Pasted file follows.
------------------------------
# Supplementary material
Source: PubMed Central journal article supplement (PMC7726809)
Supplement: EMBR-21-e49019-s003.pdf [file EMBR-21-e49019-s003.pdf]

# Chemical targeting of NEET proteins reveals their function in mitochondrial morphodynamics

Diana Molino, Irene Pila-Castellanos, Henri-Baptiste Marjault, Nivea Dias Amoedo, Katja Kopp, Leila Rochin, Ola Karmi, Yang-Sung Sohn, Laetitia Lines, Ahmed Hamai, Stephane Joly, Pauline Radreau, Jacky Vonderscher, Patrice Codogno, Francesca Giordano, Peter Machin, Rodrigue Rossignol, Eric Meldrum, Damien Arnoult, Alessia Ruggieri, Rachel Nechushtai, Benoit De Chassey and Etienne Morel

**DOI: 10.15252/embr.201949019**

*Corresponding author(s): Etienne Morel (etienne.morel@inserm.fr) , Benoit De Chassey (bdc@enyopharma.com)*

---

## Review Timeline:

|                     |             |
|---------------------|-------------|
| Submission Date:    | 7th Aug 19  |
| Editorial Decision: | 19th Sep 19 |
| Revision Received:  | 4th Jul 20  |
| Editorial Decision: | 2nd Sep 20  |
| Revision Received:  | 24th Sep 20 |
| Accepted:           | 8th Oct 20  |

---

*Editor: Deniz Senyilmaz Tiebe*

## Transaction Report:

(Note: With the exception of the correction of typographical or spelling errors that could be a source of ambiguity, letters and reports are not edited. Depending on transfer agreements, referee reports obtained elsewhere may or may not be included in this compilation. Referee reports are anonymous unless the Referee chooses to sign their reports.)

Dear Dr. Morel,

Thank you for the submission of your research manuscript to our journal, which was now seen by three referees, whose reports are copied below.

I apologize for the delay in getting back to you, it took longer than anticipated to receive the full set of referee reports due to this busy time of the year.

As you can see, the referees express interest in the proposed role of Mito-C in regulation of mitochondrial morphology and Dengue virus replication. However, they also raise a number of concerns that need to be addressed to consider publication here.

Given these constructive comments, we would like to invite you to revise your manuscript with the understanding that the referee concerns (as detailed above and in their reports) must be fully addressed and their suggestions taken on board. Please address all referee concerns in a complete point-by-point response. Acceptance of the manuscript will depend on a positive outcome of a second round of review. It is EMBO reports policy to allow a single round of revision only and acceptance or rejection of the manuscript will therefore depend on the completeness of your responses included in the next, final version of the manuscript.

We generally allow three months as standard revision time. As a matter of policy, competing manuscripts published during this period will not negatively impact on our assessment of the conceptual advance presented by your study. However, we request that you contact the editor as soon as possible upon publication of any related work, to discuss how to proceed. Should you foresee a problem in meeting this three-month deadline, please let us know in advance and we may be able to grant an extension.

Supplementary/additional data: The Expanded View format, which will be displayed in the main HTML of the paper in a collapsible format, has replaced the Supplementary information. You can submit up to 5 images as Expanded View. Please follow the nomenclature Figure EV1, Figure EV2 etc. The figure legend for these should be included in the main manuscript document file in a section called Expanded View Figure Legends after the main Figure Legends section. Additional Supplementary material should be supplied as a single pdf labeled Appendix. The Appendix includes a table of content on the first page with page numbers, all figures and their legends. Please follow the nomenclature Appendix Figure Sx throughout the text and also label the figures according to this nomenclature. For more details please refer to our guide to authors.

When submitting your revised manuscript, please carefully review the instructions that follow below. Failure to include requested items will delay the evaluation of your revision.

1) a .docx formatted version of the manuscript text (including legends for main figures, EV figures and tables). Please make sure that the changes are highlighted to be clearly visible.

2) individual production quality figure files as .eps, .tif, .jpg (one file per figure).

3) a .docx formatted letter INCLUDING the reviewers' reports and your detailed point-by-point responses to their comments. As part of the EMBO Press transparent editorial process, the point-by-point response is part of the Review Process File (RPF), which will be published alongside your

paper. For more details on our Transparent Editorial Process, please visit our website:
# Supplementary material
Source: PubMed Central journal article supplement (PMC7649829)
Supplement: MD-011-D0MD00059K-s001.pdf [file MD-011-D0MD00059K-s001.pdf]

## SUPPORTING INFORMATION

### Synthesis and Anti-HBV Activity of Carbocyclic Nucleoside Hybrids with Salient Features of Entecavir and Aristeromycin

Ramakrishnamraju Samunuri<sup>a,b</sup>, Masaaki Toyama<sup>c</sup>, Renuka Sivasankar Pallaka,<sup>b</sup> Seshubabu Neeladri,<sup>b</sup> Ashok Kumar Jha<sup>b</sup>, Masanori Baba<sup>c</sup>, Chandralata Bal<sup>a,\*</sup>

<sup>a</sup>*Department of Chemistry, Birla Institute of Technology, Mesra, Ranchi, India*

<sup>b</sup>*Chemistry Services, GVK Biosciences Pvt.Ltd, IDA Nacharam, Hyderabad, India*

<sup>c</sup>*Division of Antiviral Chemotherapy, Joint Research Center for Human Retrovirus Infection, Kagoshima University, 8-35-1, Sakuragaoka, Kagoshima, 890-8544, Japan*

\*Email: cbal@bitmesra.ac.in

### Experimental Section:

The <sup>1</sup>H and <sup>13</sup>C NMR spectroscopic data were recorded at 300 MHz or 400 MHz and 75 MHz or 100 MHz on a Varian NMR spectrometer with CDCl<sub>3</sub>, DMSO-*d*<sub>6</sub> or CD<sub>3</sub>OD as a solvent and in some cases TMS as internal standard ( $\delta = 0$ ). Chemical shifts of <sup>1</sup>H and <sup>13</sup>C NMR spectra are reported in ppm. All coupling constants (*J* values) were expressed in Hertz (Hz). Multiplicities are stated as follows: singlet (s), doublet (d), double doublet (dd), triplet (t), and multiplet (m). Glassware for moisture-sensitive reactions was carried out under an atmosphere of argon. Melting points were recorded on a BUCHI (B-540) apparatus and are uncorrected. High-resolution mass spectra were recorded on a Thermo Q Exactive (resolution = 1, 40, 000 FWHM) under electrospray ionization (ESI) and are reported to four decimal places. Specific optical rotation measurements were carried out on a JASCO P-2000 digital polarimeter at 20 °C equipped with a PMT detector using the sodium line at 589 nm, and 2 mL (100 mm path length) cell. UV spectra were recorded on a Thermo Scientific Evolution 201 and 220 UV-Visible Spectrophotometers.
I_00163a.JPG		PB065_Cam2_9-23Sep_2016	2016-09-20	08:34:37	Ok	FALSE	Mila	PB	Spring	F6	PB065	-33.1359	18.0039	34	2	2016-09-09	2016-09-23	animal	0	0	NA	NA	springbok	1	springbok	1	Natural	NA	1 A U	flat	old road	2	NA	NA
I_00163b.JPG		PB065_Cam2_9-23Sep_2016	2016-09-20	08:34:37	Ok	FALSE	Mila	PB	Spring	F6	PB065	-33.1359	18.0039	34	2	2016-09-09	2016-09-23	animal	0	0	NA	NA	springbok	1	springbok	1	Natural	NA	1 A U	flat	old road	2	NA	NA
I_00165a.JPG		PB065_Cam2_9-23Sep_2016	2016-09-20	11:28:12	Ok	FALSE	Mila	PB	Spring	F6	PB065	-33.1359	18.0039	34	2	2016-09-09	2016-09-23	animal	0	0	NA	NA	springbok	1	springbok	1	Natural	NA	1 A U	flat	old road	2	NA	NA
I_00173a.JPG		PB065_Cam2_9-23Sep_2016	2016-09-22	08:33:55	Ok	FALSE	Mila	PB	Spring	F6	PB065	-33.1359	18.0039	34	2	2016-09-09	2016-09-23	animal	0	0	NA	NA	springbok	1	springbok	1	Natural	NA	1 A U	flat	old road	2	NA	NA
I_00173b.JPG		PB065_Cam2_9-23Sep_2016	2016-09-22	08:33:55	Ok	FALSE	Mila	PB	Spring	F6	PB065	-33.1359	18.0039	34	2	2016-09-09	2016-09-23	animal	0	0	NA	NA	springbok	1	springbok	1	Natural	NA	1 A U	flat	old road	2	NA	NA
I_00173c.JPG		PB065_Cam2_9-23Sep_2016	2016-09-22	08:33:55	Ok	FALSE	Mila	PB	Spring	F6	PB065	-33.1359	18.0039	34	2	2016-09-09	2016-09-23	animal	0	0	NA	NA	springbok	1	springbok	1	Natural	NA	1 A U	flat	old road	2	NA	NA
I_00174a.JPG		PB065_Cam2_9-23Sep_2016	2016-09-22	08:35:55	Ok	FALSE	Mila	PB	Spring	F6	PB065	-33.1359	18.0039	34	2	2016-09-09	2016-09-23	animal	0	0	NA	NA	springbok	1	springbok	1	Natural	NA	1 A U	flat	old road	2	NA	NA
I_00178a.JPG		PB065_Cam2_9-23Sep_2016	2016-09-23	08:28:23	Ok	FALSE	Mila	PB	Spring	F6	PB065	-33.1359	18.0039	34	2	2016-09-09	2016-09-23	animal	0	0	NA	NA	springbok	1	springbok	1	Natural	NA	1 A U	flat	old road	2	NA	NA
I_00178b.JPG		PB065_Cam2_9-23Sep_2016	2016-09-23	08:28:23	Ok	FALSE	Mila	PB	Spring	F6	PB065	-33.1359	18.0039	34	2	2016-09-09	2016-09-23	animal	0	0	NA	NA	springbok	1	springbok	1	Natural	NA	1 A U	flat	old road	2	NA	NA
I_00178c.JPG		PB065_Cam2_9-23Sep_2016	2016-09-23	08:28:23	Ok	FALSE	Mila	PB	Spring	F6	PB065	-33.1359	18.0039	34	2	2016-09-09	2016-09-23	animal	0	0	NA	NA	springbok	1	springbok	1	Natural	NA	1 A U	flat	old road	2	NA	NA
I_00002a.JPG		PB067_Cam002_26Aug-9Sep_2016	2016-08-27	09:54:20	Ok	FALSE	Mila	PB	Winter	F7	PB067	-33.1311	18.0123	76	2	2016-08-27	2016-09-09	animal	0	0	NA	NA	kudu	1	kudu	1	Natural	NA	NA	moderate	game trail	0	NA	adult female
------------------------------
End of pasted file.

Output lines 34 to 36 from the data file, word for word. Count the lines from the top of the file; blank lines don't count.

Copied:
# Supplementary material
Source: PubMed Central journal article supplement (PMC7649829)
Supplement: MD-011-D0MD00059K-s001.pdf [file MD-011-D0MD00059K-s001.pdf]